They sat around a dining-room table which after a time, their hands being upon it, began to sway and finally got sufficient motion to tap with one leg.  They then asked questions and received answers, more or less wise and more or less to the point. They were got by the tedious process of reciting the alphabet and writing down the letter which the tap indicated. It seemed to me that we were collectively pushing the table and that our own wills were concerned in bringing down the leg at the right moment.

Nevertheless, Conan Doyle’s curiosity was awoken, and he began a series of paranormal experiments in telepathy with Southsea architect Henry Ball.

‘Again and again,’ Doyle recalls, ‘sitting behind [Ball], I have drawn diagrams, and he in turn has made approximately the same figure. I showed beyond doubt that I could convey my thought without words.’

Then, in 1887, his spirituality was solidified by a singular event that occurred in Southsea.  At the end of June of that year, he was introduced to an elderly gentleman who was reputed to have considerable mediumistic power.  He later wrote about the incident to the spiritualist magazine Light.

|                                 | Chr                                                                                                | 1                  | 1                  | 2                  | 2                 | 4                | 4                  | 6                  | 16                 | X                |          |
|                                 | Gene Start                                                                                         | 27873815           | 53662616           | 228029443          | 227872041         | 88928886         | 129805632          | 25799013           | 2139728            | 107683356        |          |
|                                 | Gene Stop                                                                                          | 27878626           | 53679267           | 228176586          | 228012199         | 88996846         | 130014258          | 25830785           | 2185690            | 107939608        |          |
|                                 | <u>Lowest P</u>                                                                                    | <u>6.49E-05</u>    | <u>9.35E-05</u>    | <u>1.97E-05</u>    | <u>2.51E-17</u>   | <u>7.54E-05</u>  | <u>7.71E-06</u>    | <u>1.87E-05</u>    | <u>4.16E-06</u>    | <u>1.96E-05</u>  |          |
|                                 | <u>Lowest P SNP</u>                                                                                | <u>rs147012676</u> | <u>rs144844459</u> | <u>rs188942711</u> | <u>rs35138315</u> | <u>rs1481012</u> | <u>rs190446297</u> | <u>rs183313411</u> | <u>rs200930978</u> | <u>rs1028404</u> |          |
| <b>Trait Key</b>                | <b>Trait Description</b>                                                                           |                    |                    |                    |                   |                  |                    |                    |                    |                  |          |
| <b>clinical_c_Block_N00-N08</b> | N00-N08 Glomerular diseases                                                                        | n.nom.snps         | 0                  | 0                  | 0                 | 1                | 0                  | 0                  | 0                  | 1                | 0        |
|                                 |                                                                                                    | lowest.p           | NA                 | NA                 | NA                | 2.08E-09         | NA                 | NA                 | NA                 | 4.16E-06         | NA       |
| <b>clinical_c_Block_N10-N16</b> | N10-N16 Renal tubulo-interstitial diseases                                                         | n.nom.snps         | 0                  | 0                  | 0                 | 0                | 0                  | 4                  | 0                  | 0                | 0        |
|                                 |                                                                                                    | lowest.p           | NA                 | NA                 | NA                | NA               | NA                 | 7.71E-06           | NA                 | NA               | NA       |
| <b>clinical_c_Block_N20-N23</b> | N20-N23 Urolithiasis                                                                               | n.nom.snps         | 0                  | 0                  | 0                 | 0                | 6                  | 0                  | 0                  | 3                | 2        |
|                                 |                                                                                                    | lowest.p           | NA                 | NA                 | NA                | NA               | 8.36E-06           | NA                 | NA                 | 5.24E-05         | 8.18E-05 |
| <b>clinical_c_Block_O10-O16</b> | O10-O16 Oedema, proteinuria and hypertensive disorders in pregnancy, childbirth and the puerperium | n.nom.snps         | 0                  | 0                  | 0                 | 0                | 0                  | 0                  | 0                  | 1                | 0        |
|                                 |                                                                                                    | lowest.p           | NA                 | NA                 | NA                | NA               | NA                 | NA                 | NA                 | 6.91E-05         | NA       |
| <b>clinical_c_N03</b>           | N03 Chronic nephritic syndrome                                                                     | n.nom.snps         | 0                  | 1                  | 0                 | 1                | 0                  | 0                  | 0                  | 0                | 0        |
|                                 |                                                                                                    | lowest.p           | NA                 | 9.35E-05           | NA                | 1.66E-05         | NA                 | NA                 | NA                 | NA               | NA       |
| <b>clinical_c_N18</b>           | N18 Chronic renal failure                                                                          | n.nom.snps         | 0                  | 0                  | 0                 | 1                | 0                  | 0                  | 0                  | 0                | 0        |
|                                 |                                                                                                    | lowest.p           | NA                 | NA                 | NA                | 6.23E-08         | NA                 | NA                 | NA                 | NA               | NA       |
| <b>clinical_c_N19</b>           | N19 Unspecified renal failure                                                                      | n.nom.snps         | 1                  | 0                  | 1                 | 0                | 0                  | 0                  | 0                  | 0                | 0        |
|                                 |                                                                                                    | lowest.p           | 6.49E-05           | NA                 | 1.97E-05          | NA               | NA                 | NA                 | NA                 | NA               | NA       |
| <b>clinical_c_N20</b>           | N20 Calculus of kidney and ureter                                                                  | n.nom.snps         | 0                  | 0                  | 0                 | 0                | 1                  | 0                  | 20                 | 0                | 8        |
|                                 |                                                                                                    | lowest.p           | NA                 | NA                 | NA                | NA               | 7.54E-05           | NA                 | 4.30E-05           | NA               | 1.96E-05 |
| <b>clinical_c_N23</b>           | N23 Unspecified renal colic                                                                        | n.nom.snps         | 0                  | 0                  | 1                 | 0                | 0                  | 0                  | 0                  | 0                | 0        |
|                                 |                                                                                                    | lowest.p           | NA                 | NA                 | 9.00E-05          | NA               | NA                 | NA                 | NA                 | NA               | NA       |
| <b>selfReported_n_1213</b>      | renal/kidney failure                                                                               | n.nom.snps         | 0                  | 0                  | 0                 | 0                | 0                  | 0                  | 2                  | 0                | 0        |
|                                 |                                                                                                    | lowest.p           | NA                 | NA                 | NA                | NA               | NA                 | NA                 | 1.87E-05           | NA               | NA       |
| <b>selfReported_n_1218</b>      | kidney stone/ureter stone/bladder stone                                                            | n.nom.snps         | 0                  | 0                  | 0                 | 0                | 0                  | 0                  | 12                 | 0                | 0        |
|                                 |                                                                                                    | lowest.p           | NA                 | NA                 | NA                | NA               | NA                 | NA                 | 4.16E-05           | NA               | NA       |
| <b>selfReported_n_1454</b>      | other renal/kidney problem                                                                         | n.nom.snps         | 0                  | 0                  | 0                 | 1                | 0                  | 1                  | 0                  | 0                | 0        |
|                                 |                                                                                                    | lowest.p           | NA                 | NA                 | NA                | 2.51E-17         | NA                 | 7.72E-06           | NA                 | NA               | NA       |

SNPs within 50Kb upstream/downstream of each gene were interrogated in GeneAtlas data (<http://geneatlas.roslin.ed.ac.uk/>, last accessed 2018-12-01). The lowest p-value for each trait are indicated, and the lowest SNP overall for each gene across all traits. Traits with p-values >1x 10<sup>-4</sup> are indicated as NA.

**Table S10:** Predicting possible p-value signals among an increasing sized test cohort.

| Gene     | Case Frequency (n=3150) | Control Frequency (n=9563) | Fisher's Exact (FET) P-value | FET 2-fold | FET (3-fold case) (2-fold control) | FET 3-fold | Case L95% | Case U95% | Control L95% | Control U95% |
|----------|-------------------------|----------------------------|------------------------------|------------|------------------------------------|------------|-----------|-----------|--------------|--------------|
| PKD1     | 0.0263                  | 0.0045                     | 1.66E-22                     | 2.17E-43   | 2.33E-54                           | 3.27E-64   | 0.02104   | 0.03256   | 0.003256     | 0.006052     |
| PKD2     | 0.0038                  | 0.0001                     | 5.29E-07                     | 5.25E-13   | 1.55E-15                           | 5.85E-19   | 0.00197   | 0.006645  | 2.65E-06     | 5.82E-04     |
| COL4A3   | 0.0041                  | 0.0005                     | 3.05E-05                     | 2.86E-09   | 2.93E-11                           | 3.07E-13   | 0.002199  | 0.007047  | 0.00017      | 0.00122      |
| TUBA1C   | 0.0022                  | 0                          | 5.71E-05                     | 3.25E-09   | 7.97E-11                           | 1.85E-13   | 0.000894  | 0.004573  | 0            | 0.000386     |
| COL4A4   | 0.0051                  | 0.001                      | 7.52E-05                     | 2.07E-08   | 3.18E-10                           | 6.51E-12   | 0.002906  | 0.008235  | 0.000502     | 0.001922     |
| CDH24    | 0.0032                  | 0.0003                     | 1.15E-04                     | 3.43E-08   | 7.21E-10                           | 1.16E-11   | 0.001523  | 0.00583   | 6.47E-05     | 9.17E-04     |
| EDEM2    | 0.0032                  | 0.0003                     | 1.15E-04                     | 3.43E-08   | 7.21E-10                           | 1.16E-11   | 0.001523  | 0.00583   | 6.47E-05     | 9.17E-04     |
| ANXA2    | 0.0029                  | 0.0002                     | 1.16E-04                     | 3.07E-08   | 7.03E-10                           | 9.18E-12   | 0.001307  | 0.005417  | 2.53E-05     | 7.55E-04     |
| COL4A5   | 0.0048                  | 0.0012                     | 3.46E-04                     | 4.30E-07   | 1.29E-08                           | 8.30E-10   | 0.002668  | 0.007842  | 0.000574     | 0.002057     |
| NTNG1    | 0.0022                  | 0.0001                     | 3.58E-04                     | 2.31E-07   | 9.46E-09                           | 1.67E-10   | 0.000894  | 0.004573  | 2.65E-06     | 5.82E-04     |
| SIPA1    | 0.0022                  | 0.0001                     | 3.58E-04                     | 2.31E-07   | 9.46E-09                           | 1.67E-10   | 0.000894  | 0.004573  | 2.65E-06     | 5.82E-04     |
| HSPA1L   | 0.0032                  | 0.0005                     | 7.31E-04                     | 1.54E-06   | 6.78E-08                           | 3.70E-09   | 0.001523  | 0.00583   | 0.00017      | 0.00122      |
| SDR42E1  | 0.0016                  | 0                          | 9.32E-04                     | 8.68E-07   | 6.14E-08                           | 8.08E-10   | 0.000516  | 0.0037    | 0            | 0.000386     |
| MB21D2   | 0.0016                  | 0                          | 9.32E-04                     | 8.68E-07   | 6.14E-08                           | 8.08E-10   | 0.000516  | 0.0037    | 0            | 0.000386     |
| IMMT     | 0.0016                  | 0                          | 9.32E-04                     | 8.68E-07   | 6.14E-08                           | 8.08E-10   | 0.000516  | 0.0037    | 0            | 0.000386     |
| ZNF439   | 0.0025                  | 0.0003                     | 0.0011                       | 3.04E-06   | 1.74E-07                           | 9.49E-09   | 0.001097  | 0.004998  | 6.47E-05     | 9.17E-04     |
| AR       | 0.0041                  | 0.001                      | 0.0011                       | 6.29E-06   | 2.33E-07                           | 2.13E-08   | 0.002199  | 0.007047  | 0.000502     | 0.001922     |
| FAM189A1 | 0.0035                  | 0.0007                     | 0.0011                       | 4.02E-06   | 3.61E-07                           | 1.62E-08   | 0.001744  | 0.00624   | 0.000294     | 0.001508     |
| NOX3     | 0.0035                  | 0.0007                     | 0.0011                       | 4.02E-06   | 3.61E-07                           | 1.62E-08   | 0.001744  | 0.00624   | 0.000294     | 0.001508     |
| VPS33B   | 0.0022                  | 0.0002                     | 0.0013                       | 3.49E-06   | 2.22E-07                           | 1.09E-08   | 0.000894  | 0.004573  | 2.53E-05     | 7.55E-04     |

…for some days I had been debating in my mind whether I should get a copy of Leigh Hunt’s Comic Dramatists of the Restoration… I had thought the matter over, but had dismissed it from my mind a day or two before the seance. On sitting, our medium came quickly under control and delivered a trance address containing much interesting and elevating matter. He then became clairvoyant, describing one or two scenes which we had no opportunity of testing. So far, the meeting had been very interesting, but not above the possibility of deception. We then proposed writing. The medium took up a pencil and after a few convulsive movements he wrote a message to each of us. Mine ran: ‘This gentleman is a healer. Tell him from me not to read Leigh Hunt’s book.’  Now, sir, I can swear that no one knew I had contemplated reading that book, and moreover, it was no case of thought-reading, for I had never referred to the matter all day. I can only say that if I had had to devise a test message I could not have hit upon one which was so absolutely inexplicable on any hypothesis except that held by Spiritualists.

Doyle believed that something entered his memory and probed it. In his eyes, this was incontrovertible proof of something above and beyond simple telepathy.

He thus began to attend more séances. When he was disappointed by apparently wrong and misleading replies from spirits, up popped Drayson to argue that some spirits are mischievous and deliberately misleading, so they would no doubt give him wrong information.

By the time he left Southsea in 1890, Arthur Conan Doyle was not only the inventor of arch-rationalist Sherlock Holmes, but his firm conviction in a world of spirit was also instilled here.